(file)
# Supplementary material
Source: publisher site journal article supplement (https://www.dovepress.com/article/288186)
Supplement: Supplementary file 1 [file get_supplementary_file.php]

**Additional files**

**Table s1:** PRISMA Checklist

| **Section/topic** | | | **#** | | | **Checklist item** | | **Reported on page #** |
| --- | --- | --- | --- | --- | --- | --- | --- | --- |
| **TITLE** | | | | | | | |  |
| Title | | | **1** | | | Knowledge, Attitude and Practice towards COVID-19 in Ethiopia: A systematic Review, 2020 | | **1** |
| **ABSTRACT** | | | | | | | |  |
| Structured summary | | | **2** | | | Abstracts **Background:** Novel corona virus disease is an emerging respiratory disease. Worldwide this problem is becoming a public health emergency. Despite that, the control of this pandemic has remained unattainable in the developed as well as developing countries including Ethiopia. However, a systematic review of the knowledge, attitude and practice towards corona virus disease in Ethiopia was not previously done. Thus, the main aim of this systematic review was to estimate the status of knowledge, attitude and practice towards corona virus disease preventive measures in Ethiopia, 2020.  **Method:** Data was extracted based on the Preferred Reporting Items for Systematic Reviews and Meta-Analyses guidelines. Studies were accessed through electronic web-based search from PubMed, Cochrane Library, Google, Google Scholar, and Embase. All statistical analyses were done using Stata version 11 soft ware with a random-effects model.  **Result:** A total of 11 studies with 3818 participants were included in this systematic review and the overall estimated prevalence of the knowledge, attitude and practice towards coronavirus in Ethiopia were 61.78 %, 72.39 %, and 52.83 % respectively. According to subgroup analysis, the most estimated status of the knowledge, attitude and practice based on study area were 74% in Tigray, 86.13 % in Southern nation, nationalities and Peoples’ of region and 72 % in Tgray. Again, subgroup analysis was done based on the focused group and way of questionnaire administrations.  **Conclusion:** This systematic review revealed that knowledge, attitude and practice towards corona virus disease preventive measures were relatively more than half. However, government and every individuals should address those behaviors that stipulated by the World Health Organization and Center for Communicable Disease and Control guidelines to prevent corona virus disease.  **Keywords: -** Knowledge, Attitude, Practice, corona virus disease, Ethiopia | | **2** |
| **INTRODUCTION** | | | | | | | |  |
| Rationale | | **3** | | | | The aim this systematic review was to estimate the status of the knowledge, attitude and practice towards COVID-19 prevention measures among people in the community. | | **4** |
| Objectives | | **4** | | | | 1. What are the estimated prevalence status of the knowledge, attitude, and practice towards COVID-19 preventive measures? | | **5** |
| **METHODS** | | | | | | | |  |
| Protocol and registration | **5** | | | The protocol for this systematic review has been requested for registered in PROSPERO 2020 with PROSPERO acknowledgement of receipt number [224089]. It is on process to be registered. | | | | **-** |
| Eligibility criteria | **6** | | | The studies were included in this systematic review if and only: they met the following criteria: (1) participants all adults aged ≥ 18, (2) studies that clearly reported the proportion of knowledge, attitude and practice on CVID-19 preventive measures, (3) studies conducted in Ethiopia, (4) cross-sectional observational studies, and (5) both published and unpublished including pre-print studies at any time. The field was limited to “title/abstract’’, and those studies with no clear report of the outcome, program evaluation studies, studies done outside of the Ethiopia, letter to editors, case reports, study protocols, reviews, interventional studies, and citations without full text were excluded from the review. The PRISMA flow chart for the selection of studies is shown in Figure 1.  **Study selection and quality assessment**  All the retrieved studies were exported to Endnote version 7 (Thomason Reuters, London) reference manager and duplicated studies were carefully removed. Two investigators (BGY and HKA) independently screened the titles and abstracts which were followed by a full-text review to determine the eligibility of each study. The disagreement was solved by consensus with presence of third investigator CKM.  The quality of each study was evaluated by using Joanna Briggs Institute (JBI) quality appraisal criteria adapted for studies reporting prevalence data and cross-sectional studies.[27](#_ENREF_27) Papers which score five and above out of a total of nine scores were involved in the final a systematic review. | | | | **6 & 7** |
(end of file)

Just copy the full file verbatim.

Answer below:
# Supplementary material
Source: publisher site journal article supplement (https://www.dovepress.com/article/288186)
Supplement: Supplementary file 1 [file get_supplementary_file.php]

**Additional files**

**Table s1:** PRISMA Checklist

| **Section/topic** | | | **#** | | | **Checklist item** | | **Reported on page #** |
| --- | --- | --- | --- | --- | --- | --- | --- | --- |
| **TITLE** | | | | | | | |  |
| Title | | | **1** | | | Knowledge, Attitude and Practice towards COVID-19 in Ethiopia: A systematic Review, 2020 | | **1** |
| **ABSTRACT** | | | | | | | |  |
| Structured summary | | | **2** | | | Abstracts **Background:** Novel corona virus disease is an emerging respiratory disease. Worldwide this problem is becoming a public health emergency. Despite that, the control of this pandemic has remained unattainable in the developed as well as developing countries including Ethiopia. However, a systematic review of the knowledge, attitude and practice towards corona virus disease in Ethiopia was not previously done. Thus, the main aim of this systematic review was to estimate the status of knowledge, attitude and practice towards corona virus disease preventive measures in Ethiopia, 2020.  **Method:** Data was extracted based on the Preferred Reporting Items for Systematic Reviews and Meta-Analyses guidelines. Studies were accessed through electronic web-based search from PubMed, Cochrane Library, Google, Google Scholar, and Embase. All statistical analyses were done using Stata version 11 soft ware with a random-effects model.  **Result:** A total of 11 studies with 3818 participants were included in this systematic review and the overall estimated prevalence of the knowledge, attitude and practice towards coronavirus in Ethiopia were 61.78 %, 72.39 %, and 52.83 % respectively. According to subgroup analysis, the most estimated status of the knowledge, attitude and practice based on study area were 74% in Tigray, 86.13 % in Southern nation, nationalities and Peoples’ of region and 72 % in Tgray. Again, subgroup analysis was done based on the focused group and way of questionnaire administrations.  **Conclusion:** This systematic review revealed that knowledge, attitude and practice towards corona virus disease preventive measures were relatively more than half. However, government and every individuals should address those behaviors that stipulated by the World Health Organization and Center for Communicable Disease and Control guidelines to prevent corona virus disease.  **Keywords: -** Knowledge, Attitude, Practice, corona virus disease, Ethiopia | | **2** |
| **INTRODUCTION** | | | | | | | |  |
| Rationale | | **3** | | | | The aim this systematic review was to estimate the status of the knowledge, attitude and practice towards COVID-19 prevention measures among people in the community. | | **4** |
| Objectives | | **4** | | | | 1. What are the estimated prevalence status of the knowledge, attitude, and practice towards COVID-19 preventive measures? | | **5** |
| **METHODS** | | | | | | | |  |
| Protocol and registration | **5** | | | The protocol for this systematic review has been requested for registered in PROSPERO 2020 with PROSPERO acknowledgement of receipt number [224089]. It is on process to be registered. | | | | **-** |
| Eligibility criteria | **6** | | | The studies were included in this systematic review if and only: they met the following criteria: (1) participants all adults aged ≥ 18, (2) studies that clearly reported the proportion of knowledge, attitude and practice on CVID-19 preventive measures, (3) studies conducted in Ethiopia, (4) cross-sectional observational studies, and (5) both published and unpublished including pre-print studies at any time. The field was limited to “title/abstract’’, and those studies with no clear report of the outcome, program evaluation studies, studies done outside of the Ethiopia, letter to editors, case reports, study protocols, reviews, interventional studies, and citations without full text were excluded from the review. The PRISMA flow chart for the selection of studies is shown in Figure 1.  **Study selection and quality assessment**  All the retrieved studies were exported to Endnote version 7 (Thomason Reuters, London) reference manager and duplicated studies were carefully removed. Two investigators (BGY and HKA) independently screened the titles and abstracts which were followed by a full-text review to determine the eligibility of each study. The disagreement was solved by consensus with presence of third investigator CKM.  The quality of each study was evaluated by using Joanna Briggs Institute (JBI) quality appraisal criteria adapted for studies reporting prevalence data and cross-sectional studies.[27](#_ENREF_27) Papers which score five and above out of a total of nine scores were involved in the final a systematic review. | | | | **6 & 7** |